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England, Ireland, Scotland, WalesThe Christian Church 1900-2000$
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Keith Robbins

Print publication date: 2008

Print ISBN-13: 9780198263715

Published to Oxford Scholarship Online: September 2008

DOI: 10.1093/acprof:oso/9780198263715.001.0001

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Post‐War Dislocations, 1919–1932: ‘Modernity’ and ‘Modernism’

Post‐War Dislocations, 1919–1932: ‘Modernity’ and ‘Modernism’

Chapter:
(p.152) 4 Post‐War Dislocations, 1919–1932: ‘Modernity’ and ‘Modernism’
Source:
England, Ireland, Scotland, Wales
Author(s):

Keith Robbins

Publisher:
Oxford University Press
DOI:10.1093/acprof:oso/9780198263715.003.0004

This chapter reflects on ‘remembrance’ after the Great War — memorials and services. It notes a new modern world and the advent of radio broadcasting. It considers currents of belief and unbelief. Internationally, Christian-Jewish relations, missionary activity and imperialism, and the issues posed by the new Europe come to the fore. The 1926 General Strike is placed in the context of contemporary Church social and economic thinking, but the political limitations are exposed. In England, both the new Church National Assembly and the Revised Prayer Book controversy of 1927-8 reveal church-state tensions. The partition of Ireland, British-Irish church and political relations, and church-state relations in the new Irish structures (Irish Free State and Northern Ireland), are considered. Disestablishment in Wales and post-war change in Scotland place these developments in context. Evidence of social division and political dislocation partly explains renewed interest in church unity, but no rapid change is evident despite the reunification of the Church of Scotland.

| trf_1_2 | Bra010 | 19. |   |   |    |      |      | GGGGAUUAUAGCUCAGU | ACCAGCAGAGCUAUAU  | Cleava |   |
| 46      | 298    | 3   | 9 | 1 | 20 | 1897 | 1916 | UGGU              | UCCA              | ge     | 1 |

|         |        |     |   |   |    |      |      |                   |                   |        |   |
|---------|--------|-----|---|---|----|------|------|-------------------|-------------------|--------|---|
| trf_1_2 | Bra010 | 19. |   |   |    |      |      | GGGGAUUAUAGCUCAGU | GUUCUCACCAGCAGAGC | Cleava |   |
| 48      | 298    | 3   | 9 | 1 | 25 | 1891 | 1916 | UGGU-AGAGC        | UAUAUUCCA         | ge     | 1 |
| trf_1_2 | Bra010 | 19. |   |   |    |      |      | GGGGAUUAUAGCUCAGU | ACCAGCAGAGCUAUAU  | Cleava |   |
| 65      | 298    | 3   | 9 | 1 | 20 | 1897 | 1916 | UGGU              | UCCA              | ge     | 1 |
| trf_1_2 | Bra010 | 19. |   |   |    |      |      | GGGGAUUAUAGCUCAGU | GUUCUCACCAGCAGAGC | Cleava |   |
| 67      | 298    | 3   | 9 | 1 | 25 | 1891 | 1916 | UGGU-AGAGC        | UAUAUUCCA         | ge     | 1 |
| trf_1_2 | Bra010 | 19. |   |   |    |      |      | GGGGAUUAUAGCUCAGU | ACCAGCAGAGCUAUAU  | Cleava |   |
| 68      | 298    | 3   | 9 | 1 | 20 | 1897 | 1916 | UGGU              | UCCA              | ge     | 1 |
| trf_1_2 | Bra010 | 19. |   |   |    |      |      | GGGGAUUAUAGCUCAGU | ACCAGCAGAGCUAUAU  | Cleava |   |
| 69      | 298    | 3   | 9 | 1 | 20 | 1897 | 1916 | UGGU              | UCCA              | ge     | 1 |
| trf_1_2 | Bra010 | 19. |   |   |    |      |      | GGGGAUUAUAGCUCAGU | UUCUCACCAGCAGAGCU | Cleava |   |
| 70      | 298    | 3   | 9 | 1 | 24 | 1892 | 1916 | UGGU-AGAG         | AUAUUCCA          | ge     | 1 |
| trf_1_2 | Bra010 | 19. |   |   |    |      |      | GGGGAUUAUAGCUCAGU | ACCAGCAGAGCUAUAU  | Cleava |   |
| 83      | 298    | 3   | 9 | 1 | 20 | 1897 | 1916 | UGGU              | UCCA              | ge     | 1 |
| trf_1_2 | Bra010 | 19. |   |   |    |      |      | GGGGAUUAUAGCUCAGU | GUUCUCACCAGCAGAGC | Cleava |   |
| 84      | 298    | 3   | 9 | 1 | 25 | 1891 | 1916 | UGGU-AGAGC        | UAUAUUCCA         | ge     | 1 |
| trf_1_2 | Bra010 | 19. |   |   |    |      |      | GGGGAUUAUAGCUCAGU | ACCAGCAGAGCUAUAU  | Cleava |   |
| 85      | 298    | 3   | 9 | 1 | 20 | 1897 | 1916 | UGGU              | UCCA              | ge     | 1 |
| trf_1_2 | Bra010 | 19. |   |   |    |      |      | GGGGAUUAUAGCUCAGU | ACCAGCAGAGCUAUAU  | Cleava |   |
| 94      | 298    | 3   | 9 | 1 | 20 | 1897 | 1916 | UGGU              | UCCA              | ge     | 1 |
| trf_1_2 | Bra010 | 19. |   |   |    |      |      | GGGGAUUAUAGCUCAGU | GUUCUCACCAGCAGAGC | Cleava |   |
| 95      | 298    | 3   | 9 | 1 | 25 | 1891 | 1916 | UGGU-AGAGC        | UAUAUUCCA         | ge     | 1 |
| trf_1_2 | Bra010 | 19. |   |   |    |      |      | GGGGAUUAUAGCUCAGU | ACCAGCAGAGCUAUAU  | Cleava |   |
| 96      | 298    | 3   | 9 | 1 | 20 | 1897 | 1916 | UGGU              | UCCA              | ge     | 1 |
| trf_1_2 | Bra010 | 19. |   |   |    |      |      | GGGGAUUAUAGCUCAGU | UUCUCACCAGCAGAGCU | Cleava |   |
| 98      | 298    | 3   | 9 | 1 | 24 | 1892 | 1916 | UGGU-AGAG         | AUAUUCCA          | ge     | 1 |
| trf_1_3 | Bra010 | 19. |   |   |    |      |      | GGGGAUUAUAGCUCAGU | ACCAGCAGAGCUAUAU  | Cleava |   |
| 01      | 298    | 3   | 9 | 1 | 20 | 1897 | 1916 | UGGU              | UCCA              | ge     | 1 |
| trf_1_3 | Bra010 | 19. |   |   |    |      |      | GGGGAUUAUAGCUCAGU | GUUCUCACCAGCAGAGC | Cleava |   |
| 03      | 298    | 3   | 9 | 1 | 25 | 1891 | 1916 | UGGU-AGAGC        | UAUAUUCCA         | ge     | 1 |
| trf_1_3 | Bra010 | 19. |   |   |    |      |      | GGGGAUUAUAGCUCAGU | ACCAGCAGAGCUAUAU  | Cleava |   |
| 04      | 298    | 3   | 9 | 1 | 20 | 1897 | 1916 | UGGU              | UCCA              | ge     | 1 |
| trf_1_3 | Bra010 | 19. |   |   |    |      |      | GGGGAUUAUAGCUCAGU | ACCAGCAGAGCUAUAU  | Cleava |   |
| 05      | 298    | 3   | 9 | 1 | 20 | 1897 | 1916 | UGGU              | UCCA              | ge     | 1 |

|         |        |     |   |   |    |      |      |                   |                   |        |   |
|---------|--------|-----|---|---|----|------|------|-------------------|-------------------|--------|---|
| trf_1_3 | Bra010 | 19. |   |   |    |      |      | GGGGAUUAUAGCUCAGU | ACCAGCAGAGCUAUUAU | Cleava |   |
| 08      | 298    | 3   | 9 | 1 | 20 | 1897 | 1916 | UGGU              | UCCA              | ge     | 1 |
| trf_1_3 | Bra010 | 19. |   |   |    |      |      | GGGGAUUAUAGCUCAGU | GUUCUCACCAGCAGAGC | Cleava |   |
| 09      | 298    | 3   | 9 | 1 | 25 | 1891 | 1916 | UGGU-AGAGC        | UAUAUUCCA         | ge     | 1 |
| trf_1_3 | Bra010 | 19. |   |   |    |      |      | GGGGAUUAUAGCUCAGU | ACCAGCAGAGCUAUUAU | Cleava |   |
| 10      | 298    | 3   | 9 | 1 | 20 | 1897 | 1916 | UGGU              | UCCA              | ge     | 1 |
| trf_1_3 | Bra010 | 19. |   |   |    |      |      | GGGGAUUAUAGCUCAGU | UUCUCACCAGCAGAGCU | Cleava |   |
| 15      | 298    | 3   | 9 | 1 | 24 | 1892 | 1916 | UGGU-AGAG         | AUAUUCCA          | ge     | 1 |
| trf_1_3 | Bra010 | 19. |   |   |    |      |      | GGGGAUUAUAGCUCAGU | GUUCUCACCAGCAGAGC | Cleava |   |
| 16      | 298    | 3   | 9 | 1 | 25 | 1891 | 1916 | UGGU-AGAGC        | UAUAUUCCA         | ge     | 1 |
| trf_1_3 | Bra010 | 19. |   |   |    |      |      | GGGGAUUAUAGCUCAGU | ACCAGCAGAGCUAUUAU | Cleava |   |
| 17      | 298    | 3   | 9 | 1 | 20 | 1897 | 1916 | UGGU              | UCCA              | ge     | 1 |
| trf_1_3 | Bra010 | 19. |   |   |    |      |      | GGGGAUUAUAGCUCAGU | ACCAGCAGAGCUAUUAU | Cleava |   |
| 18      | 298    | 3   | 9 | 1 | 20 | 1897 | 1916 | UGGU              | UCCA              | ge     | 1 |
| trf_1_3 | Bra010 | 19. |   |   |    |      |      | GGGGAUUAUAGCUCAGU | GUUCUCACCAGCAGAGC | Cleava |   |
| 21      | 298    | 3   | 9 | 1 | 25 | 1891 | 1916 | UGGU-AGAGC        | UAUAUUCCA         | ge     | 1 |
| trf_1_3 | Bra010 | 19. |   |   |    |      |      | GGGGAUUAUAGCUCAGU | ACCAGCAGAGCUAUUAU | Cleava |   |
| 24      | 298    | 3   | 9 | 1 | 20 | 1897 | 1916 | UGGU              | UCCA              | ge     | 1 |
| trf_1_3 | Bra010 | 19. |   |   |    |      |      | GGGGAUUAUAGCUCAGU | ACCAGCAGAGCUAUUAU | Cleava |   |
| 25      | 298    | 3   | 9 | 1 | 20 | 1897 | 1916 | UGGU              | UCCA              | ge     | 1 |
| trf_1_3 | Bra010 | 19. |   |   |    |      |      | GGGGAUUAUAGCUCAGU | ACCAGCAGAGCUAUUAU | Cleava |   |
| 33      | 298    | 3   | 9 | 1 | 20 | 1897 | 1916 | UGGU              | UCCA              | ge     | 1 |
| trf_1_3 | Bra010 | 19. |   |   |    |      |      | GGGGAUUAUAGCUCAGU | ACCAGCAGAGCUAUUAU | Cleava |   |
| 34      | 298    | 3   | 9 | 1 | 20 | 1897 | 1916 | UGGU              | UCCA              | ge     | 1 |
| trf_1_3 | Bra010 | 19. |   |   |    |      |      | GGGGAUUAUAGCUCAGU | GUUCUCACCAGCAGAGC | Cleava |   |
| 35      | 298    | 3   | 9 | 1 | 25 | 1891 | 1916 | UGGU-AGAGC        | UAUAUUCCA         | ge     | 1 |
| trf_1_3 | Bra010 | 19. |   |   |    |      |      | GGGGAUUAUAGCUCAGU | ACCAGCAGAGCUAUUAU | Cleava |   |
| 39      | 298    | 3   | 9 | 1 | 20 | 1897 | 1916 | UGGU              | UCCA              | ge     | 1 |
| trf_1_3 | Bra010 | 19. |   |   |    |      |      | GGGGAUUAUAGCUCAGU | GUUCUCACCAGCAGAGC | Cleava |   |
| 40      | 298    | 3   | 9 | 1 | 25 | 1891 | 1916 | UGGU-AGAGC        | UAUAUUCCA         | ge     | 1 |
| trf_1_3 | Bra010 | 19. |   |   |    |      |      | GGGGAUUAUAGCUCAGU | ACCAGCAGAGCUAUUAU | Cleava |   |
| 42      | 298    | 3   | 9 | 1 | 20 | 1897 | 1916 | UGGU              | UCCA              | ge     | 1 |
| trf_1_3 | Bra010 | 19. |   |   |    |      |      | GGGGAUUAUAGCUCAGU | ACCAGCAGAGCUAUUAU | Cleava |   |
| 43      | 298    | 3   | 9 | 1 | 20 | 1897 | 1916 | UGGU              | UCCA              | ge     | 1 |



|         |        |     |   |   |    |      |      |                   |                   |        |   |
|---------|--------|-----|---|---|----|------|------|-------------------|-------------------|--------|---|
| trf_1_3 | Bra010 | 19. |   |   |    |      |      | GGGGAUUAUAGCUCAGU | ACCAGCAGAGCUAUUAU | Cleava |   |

Keywords:   broadcasting, disestablishment, General Strike, Irish Free State, Jews, missionaries, National Assembly, Palestine, Revised Prayer Book, war memorials

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